Sunday, 3 February 2013


Shot 74

Hi all. I'm still working in spare time (of which I have little these days) on this music video for Bubble Gum Orchestra's ELO influenced song. Luckily as the single was released before the video was decided upon there is no rush for it. Phew! Anyway, this shot required the character's to be happily swinging each other around. At first I intended animating this in Plastic Animation Paper and started this process. However, I soon decided it'd probably be quicker to model and animate the character's in Hash (the affectionate name for Martin Hash's Animation:Master software). I loaded images of the character's into Hash and used these as 'rotoscopes' to model from. I modelled quite roughly as the intention was to trace over the resulting animation in Anime Studio.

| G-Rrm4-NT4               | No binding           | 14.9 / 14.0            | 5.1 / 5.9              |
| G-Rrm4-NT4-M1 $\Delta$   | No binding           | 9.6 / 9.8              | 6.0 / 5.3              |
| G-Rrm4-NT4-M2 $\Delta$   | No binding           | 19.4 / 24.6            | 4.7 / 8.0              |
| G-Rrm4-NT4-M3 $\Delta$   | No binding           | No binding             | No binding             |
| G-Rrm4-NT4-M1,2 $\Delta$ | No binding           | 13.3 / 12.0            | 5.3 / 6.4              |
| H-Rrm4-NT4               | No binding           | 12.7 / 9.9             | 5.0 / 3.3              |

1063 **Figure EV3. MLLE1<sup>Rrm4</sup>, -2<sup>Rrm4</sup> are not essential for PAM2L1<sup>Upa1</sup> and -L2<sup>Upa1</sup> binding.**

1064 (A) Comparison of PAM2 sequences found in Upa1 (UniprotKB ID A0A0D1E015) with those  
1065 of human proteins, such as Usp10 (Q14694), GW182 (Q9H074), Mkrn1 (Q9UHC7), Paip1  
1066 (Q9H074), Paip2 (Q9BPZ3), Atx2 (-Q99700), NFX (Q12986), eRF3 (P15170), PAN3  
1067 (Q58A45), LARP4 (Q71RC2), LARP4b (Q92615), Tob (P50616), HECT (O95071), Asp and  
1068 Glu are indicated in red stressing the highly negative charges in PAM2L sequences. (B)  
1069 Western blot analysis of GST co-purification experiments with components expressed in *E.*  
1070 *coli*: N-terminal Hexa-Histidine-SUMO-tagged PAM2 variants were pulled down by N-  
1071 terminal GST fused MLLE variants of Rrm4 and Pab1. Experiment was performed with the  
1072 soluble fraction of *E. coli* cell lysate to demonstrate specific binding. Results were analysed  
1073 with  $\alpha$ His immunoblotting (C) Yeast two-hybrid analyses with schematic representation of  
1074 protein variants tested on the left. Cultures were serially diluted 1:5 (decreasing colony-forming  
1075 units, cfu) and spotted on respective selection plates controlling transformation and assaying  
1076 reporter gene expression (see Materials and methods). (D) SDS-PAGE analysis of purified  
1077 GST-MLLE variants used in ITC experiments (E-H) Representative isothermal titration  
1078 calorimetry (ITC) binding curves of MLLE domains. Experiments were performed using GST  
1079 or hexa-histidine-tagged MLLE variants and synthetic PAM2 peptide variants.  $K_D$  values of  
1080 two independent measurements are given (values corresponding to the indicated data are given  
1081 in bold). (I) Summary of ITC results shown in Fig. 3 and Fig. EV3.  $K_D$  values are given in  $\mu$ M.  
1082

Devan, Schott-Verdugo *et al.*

After adding a simple rig to each character I posed and animated them swinging each other around. I made sure this would cycle so I could run it for as long as the shot required.

After experimenting with renders from Hash I decided that rather than spend a whole lot of time tracing and colouring the images in Anime Studio that I would be much better off using a Toon Render from Hash. I always render out as Png images. I could then load these images into Anime studio and add lighting and the bold black outline. As I'd modelled quite roughly I loaded each image into PD Pro first to clean them up a bit. The eyelids didn't quite cover the edge of the eye in my model for example.